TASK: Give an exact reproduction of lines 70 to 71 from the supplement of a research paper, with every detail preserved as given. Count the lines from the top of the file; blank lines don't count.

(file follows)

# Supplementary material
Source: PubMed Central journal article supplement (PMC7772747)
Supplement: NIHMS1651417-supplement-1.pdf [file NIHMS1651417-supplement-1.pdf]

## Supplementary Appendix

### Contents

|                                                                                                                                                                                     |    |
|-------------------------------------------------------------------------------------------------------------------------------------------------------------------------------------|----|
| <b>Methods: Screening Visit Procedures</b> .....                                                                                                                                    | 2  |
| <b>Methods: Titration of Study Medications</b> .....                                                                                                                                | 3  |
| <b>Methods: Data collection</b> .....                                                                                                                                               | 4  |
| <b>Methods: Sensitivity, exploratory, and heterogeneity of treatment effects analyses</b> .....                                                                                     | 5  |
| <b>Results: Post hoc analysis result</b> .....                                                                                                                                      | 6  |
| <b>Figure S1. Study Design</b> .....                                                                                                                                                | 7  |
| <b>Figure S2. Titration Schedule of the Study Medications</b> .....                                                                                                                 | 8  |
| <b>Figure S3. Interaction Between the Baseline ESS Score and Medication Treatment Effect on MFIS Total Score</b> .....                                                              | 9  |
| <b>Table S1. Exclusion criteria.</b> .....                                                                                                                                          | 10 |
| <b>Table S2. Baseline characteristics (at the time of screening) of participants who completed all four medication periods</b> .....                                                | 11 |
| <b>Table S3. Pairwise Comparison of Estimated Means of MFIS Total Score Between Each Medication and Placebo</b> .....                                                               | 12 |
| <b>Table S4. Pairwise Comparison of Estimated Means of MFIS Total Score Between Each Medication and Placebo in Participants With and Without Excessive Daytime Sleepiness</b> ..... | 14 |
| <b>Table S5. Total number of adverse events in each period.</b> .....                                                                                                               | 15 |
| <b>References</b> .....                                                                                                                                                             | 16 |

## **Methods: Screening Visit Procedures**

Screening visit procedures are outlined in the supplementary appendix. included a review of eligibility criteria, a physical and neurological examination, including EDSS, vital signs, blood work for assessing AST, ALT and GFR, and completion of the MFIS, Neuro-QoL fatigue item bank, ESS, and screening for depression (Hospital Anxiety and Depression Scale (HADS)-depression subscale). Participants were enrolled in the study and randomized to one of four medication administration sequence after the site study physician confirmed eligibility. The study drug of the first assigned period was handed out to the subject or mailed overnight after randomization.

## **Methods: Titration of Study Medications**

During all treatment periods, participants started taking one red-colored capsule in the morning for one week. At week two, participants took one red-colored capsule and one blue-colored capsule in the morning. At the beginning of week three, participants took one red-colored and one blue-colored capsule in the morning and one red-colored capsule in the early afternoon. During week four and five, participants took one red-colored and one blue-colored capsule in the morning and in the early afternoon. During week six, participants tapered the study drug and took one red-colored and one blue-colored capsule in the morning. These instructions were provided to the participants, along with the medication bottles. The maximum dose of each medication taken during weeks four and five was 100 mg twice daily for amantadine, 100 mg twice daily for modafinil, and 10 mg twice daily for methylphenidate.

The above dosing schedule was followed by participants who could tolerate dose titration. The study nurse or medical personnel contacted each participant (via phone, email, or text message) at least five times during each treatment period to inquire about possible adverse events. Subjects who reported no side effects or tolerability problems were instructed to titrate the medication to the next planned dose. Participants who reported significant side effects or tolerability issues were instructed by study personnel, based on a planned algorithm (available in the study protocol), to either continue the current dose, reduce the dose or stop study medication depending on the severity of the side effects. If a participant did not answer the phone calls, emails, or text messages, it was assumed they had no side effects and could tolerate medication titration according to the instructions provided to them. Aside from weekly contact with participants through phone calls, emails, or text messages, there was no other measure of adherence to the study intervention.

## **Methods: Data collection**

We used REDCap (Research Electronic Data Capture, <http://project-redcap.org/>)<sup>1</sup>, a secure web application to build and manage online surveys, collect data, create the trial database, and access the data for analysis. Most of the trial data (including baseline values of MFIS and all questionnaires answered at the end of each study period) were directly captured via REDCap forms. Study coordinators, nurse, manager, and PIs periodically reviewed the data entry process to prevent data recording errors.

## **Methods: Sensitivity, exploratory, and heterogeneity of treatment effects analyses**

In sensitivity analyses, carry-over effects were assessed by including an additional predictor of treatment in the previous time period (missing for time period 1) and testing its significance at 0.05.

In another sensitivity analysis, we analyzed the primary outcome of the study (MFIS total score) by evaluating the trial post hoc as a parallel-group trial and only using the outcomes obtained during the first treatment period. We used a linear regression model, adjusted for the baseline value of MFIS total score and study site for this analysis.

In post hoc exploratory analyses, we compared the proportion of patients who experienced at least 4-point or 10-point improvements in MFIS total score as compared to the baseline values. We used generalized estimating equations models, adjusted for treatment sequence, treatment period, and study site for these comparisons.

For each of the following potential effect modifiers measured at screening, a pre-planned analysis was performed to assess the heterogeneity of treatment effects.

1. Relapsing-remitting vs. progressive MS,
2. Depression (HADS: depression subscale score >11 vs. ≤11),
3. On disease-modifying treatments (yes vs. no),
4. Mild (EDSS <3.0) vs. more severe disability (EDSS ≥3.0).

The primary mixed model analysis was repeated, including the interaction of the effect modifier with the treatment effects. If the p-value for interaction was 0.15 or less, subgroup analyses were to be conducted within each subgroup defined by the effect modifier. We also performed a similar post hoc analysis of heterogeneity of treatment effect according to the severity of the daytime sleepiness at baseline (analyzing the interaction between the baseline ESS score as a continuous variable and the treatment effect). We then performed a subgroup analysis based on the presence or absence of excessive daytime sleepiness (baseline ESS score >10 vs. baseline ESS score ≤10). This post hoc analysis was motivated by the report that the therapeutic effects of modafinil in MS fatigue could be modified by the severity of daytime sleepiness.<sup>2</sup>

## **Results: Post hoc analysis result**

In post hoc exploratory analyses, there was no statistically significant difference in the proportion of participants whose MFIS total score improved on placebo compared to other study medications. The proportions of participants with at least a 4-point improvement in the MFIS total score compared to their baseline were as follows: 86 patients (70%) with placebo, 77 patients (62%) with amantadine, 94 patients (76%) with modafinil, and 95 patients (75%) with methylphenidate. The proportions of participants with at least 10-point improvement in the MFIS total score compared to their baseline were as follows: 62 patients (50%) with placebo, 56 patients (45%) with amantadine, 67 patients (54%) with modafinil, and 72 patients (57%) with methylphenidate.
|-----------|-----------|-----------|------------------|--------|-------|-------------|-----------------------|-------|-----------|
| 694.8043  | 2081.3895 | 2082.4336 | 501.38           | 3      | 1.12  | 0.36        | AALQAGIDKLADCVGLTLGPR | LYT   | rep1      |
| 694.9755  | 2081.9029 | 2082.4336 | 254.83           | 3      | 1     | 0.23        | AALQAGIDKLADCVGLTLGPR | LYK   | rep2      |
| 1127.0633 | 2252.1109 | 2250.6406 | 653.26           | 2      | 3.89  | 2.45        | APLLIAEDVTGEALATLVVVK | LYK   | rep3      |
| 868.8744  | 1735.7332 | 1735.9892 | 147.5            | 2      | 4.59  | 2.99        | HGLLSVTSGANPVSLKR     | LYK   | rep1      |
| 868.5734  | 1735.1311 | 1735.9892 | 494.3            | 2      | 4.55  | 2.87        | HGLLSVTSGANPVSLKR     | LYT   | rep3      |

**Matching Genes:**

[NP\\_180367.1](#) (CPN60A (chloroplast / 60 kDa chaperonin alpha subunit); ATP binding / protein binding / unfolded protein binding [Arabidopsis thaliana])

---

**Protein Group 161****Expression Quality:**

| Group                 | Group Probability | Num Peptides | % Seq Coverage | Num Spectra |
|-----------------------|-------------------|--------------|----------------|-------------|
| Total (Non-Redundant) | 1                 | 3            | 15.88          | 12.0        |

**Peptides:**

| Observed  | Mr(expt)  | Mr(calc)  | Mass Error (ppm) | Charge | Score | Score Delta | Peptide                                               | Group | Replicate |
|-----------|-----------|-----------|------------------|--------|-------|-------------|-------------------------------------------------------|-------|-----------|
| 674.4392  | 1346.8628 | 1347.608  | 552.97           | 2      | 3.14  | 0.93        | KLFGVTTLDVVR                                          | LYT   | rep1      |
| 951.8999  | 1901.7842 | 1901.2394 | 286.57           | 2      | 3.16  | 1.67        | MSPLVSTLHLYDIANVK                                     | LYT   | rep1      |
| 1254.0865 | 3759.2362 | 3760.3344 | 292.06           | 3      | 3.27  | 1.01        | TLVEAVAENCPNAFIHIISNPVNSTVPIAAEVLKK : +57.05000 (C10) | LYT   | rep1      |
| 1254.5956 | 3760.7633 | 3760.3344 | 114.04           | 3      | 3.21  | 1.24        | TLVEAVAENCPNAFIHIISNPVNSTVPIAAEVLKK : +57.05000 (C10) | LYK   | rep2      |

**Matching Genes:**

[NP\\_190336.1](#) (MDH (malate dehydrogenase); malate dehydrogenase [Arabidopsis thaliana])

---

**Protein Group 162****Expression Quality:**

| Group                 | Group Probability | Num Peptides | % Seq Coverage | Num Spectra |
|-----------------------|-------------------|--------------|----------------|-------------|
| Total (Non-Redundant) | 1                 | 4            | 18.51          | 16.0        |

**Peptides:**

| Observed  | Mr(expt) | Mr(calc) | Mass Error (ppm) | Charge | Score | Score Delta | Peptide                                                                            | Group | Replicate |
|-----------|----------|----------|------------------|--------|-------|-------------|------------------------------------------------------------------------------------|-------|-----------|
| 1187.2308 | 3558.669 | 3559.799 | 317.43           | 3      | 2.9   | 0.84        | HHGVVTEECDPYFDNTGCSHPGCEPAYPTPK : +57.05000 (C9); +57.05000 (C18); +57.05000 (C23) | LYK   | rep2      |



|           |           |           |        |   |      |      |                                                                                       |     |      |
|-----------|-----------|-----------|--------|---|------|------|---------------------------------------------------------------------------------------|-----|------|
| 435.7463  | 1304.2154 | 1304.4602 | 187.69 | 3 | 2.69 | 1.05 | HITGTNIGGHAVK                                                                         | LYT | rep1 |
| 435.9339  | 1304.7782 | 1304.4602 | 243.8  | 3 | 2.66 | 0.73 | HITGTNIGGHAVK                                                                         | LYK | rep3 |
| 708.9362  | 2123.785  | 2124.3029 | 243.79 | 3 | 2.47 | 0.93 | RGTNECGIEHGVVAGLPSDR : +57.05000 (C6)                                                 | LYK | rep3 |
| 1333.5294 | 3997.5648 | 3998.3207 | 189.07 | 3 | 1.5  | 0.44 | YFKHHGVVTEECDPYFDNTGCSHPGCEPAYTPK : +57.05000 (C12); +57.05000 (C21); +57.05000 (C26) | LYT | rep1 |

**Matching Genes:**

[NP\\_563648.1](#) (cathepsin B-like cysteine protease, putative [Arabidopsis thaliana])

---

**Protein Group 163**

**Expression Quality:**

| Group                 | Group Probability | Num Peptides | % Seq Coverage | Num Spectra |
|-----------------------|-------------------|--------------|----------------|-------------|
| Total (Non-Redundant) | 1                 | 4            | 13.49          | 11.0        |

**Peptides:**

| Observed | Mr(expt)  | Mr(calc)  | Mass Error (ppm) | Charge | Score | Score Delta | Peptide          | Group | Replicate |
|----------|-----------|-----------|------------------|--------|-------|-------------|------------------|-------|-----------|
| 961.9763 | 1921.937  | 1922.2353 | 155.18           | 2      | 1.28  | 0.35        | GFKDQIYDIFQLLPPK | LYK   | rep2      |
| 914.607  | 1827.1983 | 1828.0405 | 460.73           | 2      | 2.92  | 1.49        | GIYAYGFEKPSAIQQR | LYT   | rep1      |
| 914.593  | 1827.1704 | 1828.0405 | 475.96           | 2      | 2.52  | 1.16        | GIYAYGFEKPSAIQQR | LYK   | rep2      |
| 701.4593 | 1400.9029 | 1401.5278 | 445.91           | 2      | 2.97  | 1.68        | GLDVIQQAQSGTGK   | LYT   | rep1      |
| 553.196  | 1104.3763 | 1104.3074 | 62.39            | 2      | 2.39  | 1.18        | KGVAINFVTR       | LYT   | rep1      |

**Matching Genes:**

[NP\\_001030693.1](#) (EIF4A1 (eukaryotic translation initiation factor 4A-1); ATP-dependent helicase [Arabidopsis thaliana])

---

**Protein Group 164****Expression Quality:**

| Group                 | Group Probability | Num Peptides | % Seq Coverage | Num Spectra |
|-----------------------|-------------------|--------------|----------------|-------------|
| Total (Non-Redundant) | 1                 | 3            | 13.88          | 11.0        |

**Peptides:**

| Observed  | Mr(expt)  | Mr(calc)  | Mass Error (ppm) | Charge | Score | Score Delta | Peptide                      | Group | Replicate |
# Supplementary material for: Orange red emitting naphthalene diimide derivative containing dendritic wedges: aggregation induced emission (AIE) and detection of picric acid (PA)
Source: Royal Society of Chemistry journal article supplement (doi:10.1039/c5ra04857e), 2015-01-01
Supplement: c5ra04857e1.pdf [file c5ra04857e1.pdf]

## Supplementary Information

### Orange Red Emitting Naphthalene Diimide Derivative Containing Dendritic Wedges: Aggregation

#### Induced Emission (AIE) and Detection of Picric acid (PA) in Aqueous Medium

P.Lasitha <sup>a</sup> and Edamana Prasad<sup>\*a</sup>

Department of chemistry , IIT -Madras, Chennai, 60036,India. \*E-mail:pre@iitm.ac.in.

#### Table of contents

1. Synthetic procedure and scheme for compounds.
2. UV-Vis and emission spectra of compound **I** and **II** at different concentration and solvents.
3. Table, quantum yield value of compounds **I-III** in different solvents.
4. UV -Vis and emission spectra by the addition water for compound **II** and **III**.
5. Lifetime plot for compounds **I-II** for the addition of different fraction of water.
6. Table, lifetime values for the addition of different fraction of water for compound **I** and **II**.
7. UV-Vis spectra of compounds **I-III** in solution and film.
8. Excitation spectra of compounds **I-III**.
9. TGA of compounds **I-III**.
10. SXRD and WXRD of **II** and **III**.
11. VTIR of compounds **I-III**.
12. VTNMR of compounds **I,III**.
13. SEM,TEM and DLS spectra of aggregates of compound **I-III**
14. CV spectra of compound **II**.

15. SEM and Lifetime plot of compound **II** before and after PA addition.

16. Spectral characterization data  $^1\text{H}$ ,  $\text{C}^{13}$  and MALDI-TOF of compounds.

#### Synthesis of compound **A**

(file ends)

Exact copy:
|-----------|----------|----------|------------------|--------|-------|-------------|------------------------------------------------------------------------------------|-------|-----------|
| 1187.2308 | 3558.669 | 3559.799 | 317.43           | 3      | 2.9   | 0.84        | HHGVVTEECDPYFDNTGCSHPGCEPAYPTPK : +57.05000 (C9); +57.05000 (C18); +57.05000 (C23) | LYK   | rep2      |